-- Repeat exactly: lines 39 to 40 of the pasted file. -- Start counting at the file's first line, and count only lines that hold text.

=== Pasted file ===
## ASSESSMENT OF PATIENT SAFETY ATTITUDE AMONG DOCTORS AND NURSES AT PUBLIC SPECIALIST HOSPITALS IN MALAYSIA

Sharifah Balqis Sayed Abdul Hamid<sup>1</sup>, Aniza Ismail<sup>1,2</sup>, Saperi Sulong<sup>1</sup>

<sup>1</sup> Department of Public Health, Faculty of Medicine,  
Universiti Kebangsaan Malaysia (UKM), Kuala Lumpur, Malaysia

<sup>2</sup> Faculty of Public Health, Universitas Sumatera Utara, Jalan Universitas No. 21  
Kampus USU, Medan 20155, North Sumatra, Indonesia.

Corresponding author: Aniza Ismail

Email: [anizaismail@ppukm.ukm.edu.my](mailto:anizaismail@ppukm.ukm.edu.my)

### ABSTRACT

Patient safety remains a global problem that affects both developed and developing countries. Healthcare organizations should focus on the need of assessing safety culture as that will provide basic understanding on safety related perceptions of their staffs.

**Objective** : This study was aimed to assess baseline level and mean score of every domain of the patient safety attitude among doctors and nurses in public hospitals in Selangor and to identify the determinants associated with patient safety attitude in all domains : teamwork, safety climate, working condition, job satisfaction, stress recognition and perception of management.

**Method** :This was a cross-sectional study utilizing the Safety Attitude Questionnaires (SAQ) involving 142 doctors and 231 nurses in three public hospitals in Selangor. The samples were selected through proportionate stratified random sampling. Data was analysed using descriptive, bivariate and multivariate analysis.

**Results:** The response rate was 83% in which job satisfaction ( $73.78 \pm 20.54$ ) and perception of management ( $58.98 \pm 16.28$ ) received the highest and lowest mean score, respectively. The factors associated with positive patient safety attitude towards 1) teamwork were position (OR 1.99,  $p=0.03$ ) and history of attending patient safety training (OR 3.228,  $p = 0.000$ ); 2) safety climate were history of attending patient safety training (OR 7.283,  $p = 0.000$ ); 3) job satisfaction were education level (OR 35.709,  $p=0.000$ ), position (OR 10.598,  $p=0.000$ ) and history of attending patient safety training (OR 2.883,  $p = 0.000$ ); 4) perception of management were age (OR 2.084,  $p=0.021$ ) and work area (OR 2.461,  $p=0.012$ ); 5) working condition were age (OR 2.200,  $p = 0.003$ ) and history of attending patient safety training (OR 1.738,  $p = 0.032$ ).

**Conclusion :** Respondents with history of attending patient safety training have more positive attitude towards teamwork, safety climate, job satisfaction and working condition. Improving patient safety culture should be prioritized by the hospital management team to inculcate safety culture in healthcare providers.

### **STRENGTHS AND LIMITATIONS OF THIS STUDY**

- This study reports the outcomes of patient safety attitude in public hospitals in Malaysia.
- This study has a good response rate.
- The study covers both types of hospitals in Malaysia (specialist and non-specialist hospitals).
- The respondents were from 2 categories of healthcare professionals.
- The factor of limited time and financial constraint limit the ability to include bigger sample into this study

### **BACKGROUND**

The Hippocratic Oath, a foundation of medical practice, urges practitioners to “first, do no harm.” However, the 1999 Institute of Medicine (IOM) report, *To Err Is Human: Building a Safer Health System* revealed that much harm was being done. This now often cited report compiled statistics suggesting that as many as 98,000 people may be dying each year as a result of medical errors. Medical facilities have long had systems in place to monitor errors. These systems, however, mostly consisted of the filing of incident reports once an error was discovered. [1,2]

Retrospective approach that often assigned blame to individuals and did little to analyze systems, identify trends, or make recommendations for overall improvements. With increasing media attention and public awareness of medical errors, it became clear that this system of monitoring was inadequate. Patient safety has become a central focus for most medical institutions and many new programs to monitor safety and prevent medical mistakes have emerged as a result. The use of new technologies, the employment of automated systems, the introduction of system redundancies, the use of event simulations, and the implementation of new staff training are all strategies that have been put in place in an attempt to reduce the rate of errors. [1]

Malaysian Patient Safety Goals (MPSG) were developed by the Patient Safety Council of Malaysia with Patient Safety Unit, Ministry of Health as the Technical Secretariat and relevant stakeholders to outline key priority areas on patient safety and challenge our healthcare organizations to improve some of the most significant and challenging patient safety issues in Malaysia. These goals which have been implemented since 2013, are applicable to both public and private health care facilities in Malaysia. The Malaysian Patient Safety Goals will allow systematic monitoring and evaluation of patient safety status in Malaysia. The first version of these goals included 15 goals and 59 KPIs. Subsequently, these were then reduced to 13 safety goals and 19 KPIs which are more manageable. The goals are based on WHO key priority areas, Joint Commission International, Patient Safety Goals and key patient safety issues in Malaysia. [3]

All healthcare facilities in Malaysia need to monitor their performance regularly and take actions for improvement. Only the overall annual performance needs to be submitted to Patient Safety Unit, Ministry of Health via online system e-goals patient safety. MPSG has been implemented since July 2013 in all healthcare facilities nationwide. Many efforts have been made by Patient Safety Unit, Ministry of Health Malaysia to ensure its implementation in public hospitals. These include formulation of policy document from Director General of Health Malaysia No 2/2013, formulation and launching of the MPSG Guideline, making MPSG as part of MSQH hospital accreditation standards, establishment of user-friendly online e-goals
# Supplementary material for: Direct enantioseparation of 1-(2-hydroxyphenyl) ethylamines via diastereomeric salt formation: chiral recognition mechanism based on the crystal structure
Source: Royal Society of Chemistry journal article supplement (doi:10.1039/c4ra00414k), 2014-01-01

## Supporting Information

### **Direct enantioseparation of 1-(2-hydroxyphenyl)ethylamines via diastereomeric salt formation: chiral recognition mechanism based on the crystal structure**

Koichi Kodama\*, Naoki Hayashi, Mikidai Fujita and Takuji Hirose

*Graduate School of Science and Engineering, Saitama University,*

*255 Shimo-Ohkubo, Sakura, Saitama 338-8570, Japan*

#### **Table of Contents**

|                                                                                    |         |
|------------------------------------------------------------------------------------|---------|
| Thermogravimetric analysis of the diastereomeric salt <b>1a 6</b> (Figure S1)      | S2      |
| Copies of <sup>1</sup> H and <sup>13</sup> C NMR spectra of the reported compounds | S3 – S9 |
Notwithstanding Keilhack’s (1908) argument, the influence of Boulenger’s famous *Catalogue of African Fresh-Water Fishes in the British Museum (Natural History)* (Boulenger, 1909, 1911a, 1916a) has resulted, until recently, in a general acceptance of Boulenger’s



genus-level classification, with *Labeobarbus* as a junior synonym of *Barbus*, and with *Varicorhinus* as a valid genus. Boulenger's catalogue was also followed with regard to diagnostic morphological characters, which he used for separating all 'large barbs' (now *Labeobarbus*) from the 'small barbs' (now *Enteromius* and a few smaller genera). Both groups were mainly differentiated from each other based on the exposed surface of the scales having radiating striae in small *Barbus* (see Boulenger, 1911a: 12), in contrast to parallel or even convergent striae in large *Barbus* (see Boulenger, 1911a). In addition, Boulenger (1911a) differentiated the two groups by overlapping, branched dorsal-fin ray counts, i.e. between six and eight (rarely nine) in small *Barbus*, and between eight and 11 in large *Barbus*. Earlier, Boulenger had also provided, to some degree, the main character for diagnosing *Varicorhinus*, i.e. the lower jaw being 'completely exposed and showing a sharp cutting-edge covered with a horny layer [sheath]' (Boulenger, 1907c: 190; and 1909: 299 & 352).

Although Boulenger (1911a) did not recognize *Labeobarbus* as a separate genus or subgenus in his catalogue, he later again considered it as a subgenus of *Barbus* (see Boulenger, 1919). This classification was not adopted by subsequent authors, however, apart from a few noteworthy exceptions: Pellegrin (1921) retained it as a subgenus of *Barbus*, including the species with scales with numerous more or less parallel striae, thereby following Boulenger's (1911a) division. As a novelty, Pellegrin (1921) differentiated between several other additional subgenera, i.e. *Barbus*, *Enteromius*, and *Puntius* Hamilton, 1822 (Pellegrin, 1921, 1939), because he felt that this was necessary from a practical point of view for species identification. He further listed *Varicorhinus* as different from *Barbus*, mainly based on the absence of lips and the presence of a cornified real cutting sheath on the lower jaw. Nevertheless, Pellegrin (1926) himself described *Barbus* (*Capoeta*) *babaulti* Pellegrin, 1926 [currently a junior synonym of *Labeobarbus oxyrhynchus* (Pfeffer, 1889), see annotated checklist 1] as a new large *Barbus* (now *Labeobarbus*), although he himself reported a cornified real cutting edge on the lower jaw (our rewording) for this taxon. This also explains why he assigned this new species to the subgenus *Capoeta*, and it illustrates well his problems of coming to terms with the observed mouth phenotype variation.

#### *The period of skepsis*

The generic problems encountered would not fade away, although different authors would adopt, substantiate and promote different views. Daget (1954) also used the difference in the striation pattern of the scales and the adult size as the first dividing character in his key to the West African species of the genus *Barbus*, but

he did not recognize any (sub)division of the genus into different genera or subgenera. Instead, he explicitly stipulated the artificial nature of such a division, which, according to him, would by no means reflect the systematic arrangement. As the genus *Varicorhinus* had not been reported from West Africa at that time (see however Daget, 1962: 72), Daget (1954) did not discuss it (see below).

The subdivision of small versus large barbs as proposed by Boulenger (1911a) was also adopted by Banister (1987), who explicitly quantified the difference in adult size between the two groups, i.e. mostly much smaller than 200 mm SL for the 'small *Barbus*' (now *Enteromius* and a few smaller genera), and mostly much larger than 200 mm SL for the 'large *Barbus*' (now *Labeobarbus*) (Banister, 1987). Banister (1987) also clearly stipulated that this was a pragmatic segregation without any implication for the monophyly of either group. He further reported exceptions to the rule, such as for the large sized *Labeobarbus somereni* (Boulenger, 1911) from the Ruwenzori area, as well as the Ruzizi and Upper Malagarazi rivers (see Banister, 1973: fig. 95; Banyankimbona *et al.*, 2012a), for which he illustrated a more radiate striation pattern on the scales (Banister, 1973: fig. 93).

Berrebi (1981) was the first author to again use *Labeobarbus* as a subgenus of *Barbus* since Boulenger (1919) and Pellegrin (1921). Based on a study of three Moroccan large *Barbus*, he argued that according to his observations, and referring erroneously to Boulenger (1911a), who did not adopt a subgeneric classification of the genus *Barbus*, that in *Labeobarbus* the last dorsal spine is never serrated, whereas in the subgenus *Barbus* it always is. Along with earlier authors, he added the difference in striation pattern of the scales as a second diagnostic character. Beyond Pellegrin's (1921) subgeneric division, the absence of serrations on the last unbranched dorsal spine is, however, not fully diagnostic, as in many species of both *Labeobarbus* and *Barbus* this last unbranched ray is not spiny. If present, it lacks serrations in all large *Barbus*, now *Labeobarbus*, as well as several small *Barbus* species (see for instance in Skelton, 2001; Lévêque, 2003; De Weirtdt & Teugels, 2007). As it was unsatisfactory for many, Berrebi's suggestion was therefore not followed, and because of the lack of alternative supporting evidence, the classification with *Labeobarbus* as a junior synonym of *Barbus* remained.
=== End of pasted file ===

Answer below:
genus-level classification, with *Labeobarbus* as a junior synonym of *Barbus*, and with *Varicorhinus* as a valid genus. Boulenger's catalogue was also followed with regard to diagnostic morphological characters, which he used for separating all 'large barbs' (now *Labeobarbus*) from the 'small barbs' (now *Enteromius* and a few smaller genera). Both groups were mainly differentiated from each other based on the exposed surface of the scales having radiating striae in small *Barbus* (see Boulenger, 1911a: 12), in contrast to parallel or even convergent striae in large *Barbus* (see Boulenger, 1911a). In addition, Boulenger (1911a) differentiated the two groups by overlapping, branched dorsal-fin ray counts, i.e. between six and eight (rarely nine) in small *Barbus*, and between eight and 11 in large *Barbus*. Earlier, Boulenger had also provided, to some degree, the main character for diagnosing *Varicorhinus*, i.e. the lower jaw being 'completely exposed and showing a sharp cutting-edge covered with a horny layer [sheath]' (Boulenger, 1907c: 190; and 1909: 299 & 352).

Although Boulenger (1911a) did not recognize *Labeobarbus* as a separate genus or subgenus in his catalogue, he later again considered it as a subgenus of *Barbus* (see Boulenger, 1919). This classification was not adopted by subsequent authors, however, apart from a few noteworthy exceptions: Pellegrin (1921) retained it as a subgenus of *Barbus*, including the species with scales with numerous more or less parallel striae, thereby following Boulenger's (1911a) division. As a novelty, Pellegrin (1921) differentiated between several other additional subgenera, i.e. *Barbus*, *Enteromius*, and *Puntius* Hamilton, 1822 (Pellegrin, 1921, 1939), because he felt that this was necessary from a practical point of view for species identification. He further listed *Varicorhinus* as different from *Barbus*, mainly based on the absence of lips and the presence of a cornified real cutting sheath on the lower jaw. Nevertheless, Pellegrin (1926) himself described *Barbus* (*Capoeta*) *babaulti* Pellegrin, 1926 [currently a junior synonym of *Labeobarbus oxyrhynchus* (Pfeffer, 1889), see annotated checklist 1] as a new large *Barbus* (now *Labeobarbus*), although he himself reported a cornified real cutting edge on the lower jaw (our rewording) for this taxon. This also explains why he assigned this new species to the subgenus *Capoeta*, and it illustrates well his problems of coming to terms with the observed mouth phenotype variation.